Live long and healthy
People following the traditional Mediterranean or Japanese diet live longest and mushrooms feature in both diets.
The facts at a glance
Antioxidants in mushrooms
For a long time, scientists have appreciated the antioxidant effect of fresh produce such as vegetables and fruit. Eating plenty of high antioxidant foods seems to have a role in protecting you from future disease.
Antioxidants are produced by the body and found in food. They are natural compounds that help neutralise the free radicals produced by the body. Free radicals are also quite natural, although they tend to cause damage to all parts of the body over time, hence speeding up the ageing process. For example, free radicals can damage the DNA found in the nuclei of body cells. When DNA becomes damaged, then antioxidants within the body work to correct the damage before it becomes a cancerous cell.
If the antioxidants made by the body get overwhelmed then the antioxidants in food provide a very useful helping hand to protect the body from free radicals. Mushrooms are a rich source of antioxidants, as confirmed by laboratory analysis. In one study of 30 common vegetables, mushrooms were placed in the top five highest antioxidant levels when compared to vegetables (Pellegrini 2003; Savoie 2008).
Not commonly appreciated is that even the unique carbohydrates in mushrooms have antioxidant properties (He 2012).
Mushrooms are very high in the powerful antioxidant ergothioneine, in amounts similar to that found in animal foods (Ey 2007). Ergothioneine is found in very few vegetables or fruit. The body does not make ergothioneine so it can only be obtained from the diet.
An analysis of a range of foods confirmed that ergothioneine was in mushrooms, meats (especially liver and kidney), egg yolk, oat bran, wheat germ and some beans and onion. It was not found in other vegetables or fruit (Ey 2007).
A study determining the ergothioneine levels in different mushrooms found that both white and brown button mushrooms were rich in ergothioneine and that the levels did not diminish during cooking (Dubost 2006). The ergothioneine in mushrooms is bioavailable meaning that it can be easily absorbed by the body (Weigand-Heller 2011).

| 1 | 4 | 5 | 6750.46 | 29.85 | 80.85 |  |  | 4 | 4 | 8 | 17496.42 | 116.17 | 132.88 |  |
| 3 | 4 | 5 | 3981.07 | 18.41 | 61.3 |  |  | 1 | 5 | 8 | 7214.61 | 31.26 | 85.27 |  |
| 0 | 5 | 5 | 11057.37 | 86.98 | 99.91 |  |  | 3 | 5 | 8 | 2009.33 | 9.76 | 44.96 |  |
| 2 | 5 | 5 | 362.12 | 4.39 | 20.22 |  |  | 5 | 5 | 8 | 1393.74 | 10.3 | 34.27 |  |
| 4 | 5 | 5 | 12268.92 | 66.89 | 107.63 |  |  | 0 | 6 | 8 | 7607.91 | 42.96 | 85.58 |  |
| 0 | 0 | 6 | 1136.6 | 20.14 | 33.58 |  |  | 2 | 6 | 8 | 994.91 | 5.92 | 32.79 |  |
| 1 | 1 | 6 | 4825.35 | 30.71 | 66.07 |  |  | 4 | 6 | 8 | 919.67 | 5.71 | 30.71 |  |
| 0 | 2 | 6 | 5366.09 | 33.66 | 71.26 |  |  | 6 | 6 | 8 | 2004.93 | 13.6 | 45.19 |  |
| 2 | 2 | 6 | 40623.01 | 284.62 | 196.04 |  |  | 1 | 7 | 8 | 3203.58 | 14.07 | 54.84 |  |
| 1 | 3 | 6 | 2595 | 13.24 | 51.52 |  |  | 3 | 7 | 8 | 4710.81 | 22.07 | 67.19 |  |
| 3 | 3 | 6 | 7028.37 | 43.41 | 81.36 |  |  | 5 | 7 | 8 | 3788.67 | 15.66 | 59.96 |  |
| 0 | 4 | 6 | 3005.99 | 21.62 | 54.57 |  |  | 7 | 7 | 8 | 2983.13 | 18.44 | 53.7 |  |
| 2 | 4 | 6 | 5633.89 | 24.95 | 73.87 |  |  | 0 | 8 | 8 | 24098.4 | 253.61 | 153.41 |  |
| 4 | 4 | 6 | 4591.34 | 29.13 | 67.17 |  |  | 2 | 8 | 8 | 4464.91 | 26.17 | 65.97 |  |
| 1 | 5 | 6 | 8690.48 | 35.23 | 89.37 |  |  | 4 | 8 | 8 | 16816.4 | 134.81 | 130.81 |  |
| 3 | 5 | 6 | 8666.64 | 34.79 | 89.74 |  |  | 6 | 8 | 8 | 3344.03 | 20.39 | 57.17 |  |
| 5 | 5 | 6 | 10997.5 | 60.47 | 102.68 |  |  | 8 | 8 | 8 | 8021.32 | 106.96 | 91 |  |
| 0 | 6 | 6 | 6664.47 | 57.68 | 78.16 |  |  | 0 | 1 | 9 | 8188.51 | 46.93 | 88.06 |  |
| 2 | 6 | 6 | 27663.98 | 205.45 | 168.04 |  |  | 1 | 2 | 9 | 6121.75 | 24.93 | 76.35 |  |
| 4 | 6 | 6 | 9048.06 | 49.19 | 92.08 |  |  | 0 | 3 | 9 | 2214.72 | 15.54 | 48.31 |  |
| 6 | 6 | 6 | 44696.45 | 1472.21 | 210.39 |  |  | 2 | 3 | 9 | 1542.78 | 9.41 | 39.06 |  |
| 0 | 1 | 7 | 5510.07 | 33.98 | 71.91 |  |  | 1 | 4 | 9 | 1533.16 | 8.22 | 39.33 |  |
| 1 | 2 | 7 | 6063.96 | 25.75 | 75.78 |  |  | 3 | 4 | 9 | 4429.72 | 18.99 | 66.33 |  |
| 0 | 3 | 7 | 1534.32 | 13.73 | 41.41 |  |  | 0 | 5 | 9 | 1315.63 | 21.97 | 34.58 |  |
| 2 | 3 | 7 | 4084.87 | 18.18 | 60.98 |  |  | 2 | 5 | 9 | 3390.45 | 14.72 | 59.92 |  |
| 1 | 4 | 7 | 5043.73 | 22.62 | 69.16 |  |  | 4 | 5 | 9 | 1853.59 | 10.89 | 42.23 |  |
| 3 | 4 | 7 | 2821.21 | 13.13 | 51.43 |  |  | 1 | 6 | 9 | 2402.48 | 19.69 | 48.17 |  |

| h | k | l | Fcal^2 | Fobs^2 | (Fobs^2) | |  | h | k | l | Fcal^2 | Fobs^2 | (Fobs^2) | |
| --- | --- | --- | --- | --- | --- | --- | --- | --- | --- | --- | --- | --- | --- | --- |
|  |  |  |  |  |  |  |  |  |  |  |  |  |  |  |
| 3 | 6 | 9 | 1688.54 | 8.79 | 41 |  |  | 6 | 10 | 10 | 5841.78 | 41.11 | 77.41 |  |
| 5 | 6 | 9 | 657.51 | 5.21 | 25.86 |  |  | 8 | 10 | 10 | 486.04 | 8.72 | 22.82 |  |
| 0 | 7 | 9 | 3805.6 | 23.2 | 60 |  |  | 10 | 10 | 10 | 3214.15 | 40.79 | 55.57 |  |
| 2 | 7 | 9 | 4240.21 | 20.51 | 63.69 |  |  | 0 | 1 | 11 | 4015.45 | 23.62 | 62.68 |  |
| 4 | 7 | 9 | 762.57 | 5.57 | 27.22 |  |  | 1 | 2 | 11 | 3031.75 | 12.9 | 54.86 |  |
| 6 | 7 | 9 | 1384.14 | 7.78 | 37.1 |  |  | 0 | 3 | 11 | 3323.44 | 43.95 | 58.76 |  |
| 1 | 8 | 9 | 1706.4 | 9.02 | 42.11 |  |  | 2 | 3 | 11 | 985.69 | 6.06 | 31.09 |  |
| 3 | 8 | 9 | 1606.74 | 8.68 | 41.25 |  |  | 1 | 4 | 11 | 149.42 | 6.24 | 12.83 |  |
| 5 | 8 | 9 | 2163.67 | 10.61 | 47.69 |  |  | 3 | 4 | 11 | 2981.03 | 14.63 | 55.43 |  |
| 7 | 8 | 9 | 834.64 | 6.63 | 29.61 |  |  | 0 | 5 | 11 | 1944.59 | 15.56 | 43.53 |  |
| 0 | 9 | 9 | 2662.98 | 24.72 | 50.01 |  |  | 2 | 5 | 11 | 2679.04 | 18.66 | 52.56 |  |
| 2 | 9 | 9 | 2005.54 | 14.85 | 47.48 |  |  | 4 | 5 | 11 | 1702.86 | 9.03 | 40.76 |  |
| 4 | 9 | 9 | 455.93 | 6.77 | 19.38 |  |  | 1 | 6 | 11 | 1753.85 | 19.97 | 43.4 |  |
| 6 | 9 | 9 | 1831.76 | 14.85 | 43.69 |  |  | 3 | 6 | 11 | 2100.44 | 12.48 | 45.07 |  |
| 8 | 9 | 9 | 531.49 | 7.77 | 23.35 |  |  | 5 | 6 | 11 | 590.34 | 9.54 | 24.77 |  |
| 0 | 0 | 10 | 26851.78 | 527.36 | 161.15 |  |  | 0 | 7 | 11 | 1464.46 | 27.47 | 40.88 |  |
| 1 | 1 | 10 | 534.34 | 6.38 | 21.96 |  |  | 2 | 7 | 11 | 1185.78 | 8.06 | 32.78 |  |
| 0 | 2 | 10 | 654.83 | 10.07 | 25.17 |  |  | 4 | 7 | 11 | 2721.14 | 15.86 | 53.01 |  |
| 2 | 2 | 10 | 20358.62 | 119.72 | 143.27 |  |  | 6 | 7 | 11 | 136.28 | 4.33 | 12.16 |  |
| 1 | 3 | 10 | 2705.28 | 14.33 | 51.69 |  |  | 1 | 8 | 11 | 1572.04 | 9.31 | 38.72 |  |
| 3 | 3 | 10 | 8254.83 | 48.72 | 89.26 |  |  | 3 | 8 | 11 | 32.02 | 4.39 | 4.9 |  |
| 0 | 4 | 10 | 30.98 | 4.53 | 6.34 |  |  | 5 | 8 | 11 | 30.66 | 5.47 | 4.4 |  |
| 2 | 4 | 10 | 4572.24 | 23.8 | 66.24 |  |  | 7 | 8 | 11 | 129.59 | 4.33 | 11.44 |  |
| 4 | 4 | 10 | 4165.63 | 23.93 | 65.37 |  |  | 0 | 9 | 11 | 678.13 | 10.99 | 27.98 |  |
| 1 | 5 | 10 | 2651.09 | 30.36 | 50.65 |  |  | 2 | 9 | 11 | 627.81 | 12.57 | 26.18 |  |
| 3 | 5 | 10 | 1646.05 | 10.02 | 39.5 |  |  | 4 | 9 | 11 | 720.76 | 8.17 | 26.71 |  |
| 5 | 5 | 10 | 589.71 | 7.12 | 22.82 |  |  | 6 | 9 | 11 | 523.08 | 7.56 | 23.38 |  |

Ergothioneine appears to protect blood cells, especially monocytes and red blood cells that transport nutrients and oxygen to body cells (Martin 2010). It also protects your artery lining from atherosclerosis (fatty deposits).
Is ergothioneine a new vitamin?
Low levels of ergothioneine in the body trigger the oxidation (damage) of DNA and proteins. For this reason it has been suggested that ergothioneine should really be classified as a vitamin because it is essential to our health (Paul 2010). Ergothioneine levels do not decrease with cooking, so you can get ergothioneine through both raw and cooked mushrooms, nor does it decrease with sunlight or UV light exposure so the levels are retained with high vitamin D mushrooms (Sapozhnikova 2014).
Ergothioneine has its own blood transporter
Scientists were surprised to find an ergothioneine transporter protein in the blood (Gründemann 2005). Transporter proteins only exist in the blood if they have a specific role. For example, haemoglobin is a transporter protein for carrying oxygen to cells. To find one for ergothioneine gives further support of the importance of ergothioniene for human health.
Mushrooms are also particularly high in phenolic compounds that have been long recognised for their antioxidant capabilities.
A serve of mushrooms provides about a quarter of an adult’s requirements of selenium, an antioxidant mineral.
Put all the news together and it makes mushrooms one of the highest antioxidant foods on the market. It is good sense that mushrooms should regularly feature on your healthy eating menu. Please view the other fact sheets for a more detailed understanding of the health benefits of mushrooms.